Safeway contends that section 998, subdivision (c) was enacted to abolish the former rule that in determining the “more favorable judgment” issue under section 998 “we first add to the judgment of damages those recoverable costs and attorney's fees authorized by statute and incurred before the settlement offer.  [Citations.]”  (Kelly v. Yee (1989) 213 Cal.App.3d 336, 342, 261 Cal.Rptr. 568;  see also Stallman v. Bell (1991) 235 Cal.App.3d 740, 286 Cal.Rptr. 755.)   Wilson agrees that this section abolishes the former rule but argues that the abolition is limited to causes of action “not based on tort ․” (§ 998, subd. (c).)  Because there is nothing unclear or ambiguous, in our view, in the language of the statute limiting its application to “a cause of action not based on tort,” we conclude that the trial court's interpretation was correct.

 When construing a statute, the Legislature admonishes us that a judge's duty is “simply to ascertain and declare what is in terms or in substance contained therein, not to insert what has been omitted, or to omit what has been inserted ․” (§ 1858;  see McAlexander v. Siskiyou Joint  Community College (1990) 222 Cal.App.3d 768, 775, 272 Cal.Rptr. 70.)   If there is no ambiguity about the meaning of the language, we must apply the provision according to its terms without further judicial construction.  (Kelly v. Yee, supra, 213 Cal.App.3d at p. 340, 261 Cal.Rptr. 568.)   In a case such as this one when the language of the statute is clear on its face, we may not consider extrinsic evidence to determine the intent of the Legislature.   We construe statutory language according to ordinary rules of statutory interpretation, looking first to the words of the statute to ascertain the Legislature's intent.  (People v. Stanfield (1995) 32 Cal.App.4th 1152, 1157, 38 Cal.Rptr.2d 328.)   When interpreting a statute, if the language is clear, we follow that plain meaning.  (Great Lakes Properties, Inc. v. City of El Segundo (1977) 19 Cal.3d 152, 155, 137 Cal.Rptr. 154, 561 P.2d 244.)   We may not disregard the plain provisions of a statute, nor may we go beyond the meaning of the words used when they are clear and unambiguous.   We may not speculate that the Legislature meant something other than what it said, nor may we rewrite a statute to make express an intention that did not find itself expressed in the language of that provision.  (McAlexander v. Siskiyou Joint Community College, supra, at p. 775, 272 Cal.Rptr. 70.)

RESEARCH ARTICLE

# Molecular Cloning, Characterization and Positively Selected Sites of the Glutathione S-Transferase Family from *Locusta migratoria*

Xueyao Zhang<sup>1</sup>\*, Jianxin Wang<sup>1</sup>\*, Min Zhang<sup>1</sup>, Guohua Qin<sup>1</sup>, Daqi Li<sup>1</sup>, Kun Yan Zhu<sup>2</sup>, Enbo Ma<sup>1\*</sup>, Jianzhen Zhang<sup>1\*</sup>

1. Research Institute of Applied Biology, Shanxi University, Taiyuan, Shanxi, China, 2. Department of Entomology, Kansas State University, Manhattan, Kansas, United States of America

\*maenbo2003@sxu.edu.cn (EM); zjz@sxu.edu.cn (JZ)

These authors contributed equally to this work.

The language of section 998, subdivision (c) is clear.   It excludes “attorney's fees and costs” in calculating the amount of the award in “a cause of action not based on tort.”  (Italics added.)   This can only mean that the exclusion does not apply when the cause of action is “based on tort.”